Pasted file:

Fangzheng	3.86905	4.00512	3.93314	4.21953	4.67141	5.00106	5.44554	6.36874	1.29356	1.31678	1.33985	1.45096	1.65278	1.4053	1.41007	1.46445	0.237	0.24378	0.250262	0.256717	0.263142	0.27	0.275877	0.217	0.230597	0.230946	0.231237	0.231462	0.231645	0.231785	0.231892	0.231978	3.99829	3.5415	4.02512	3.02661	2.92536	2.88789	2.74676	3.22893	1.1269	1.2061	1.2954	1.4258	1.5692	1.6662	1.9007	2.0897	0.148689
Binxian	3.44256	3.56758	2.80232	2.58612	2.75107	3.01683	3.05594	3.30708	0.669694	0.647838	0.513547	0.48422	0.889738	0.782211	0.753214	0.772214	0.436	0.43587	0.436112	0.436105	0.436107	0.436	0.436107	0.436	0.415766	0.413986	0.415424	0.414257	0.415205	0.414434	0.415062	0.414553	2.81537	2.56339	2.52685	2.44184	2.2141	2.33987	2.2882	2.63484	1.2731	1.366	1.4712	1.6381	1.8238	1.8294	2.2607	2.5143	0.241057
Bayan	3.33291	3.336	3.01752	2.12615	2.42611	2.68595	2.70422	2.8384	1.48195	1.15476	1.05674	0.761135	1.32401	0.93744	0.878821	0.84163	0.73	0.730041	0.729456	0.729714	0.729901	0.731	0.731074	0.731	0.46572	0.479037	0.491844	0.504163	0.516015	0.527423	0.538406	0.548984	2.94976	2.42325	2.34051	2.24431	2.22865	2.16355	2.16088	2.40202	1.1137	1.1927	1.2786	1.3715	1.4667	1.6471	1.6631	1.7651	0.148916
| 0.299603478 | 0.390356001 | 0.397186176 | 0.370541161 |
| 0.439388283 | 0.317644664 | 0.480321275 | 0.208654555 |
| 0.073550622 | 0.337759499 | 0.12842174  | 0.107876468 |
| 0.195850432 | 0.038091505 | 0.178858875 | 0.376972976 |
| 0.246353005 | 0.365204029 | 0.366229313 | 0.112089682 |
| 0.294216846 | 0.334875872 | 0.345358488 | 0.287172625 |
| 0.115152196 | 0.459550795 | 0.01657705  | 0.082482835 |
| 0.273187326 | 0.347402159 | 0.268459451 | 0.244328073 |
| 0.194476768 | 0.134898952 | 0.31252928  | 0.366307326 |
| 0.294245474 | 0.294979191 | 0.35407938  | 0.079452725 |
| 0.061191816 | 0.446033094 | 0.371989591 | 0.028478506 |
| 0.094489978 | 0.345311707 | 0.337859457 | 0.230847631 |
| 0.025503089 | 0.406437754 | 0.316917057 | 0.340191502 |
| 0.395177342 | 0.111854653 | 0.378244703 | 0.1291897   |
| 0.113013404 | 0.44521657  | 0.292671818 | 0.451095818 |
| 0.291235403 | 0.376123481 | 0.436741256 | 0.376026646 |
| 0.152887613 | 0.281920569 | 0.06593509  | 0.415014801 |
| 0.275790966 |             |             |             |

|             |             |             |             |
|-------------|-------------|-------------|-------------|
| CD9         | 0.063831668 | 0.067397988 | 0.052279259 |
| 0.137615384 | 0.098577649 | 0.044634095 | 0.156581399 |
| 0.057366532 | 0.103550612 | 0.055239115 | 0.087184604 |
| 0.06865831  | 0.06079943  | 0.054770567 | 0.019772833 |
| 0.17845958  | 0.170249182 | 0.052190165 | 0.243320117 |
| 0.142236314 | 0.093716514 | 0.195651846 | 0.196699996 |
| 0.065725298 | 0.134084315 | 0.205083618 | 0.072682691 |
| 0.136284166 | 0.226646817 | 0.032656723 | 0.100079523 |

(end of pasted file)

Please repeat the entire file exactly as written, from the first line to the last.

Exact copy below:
Fangzheng	3.86905	4.00512	3.93314	4.21953	4.67141	5.00106	5.44554	6.36874	1.29356	1.31678	1.33985	1.45096	1.65278	1.4053	1.41007	1.46445	0.237	0.24378	0.250262	0.256717	0.263142	0.27	0.275877	0.217	0.230597	0.230946	0.231237	0.231462	0.231645	0.231785	0.231892	0.231978	3.99829	3.5415	4.02512	3.02661	2.92536	2.88789	2.74676	3.22893	1.1269	1.2061	1.2954	1.4258	1.5692	1.6662	1.9007	2.0897	0.148689
Binxian	3.44256	3.56758	2.80232	2.58612	2.75107	3.01683	3.05594	3.30708	0.669694	0.647838	0.513547	0.48422	0.889738	0.782211	0.753214	0.772214	0.436	0.43587	0.436112	0.436105	0.436107	0.436	0.436107	0.436	0.415766	0.413986	0.415424	0.414257	0.415205	0.414434	0.415062	0.414553	2.81537	2.56339	2.52685	2.44184	2.2141	2.33987	2.2882	2.63484	1.2731	1.366	1.4712	1.6381	1.8238	1.8294	2.2607	2.5143	0.241057
Bayan	3.33291	3.336	3.01752	2.12615	2.42611	2.68595	2.70422	2.8384	1.48195	1.15476	1.05674	0.761135	1.32401	0.93744	0.878821	0.84163	0.73	0.730041	0.729456	0.729714	0.729901	0.731	0.731074	0.731	0.46572	0.479037	0.491844	0.504163	0.516015	0.527423	0.538406	0.548984	2.94976	2.42325	2.34051	2.24431	2.22865	2.16355	2.16088	2.40202	1.1137	1.1927	1.2786	1.3715	1.4667	1.6471	1.6631	1.7651	0.148916
| 0.299603478 | 0.390356001 | 0.397186176 | 0.370541161 |
| 0.439388283 | 0.317644664 | 0.480321275 | 0.208654555 |
| 0.073550622 | 0.337759499 | 0.12842174  | 0.107876468 |
| 0.195850432 | 0.038091505 | 0.178858875 | 0.376972976 |
| 0.246353005 | 0.365204029 | 0.366229313 | 0.112089682 |
| 0.294216846 | 0.334875872 | 0.345358488 | 0.287172625 |
| 0.115152196 | 0.459550795 | 0.01657705  | 0.082482835 |
| 0.273187326 | 0.347402159 | 0.268459451 | 0.244328073 |
| 0.194476768 | 0.134898952 | 0.31252928  | 0.366307326 |
| 0.294245474 | 0.294979191 | 0.35407938  | 0.079452725 |
| 0.061191816 | 0.446033094 | 0.371989591 | 0.028478506 |
| 0.094489978 | 0.345311707 | 0.337859457 | 0.230847631 |
| 0.025503089 | 0.406437754 | 0.316917057 | 0.340191502 |
| 0.395177342 | 0.111854653 | 0.378244703 | 0.1291897   |
| 0.113013404 | 0.44521657  | 0.292671818 | 0.451095818 |
| 0.291235403 | 0.376123481 | 0.436741256 | 0.376026646 |
| 0.152887613 | 0.281920569 | 0.06593509  | 0.415014801 |
| 0.275790966 |             |             |             |

|             |             |             |             |
|-------------|-------------|-------------|-------------|
| CD9         | 0.063831668 | 0.067397988 | 0.052279259 |
| 0.137615384 | 0.098577649 | 0.044634095 | 0.156581399 |
| 0.057366532 | 0.103550612 | 0.055239115 | 0.087184604 |
| 0.06865831  | 0.06079943  | 0.054770567 | 0.019772833 |
| 0.17845958  | 0.170249182 | 0.052190165 | 0.243320117 |
| 0.142236314 | 0.093716514 | 0.195651846 | 0.196699996 |
| 0.065725298 | 0.134084315 | 0.205083618 | 0.072682691 |
| 0.136284166 | 0.226646817 | 0.032656723 | 0.100079523 |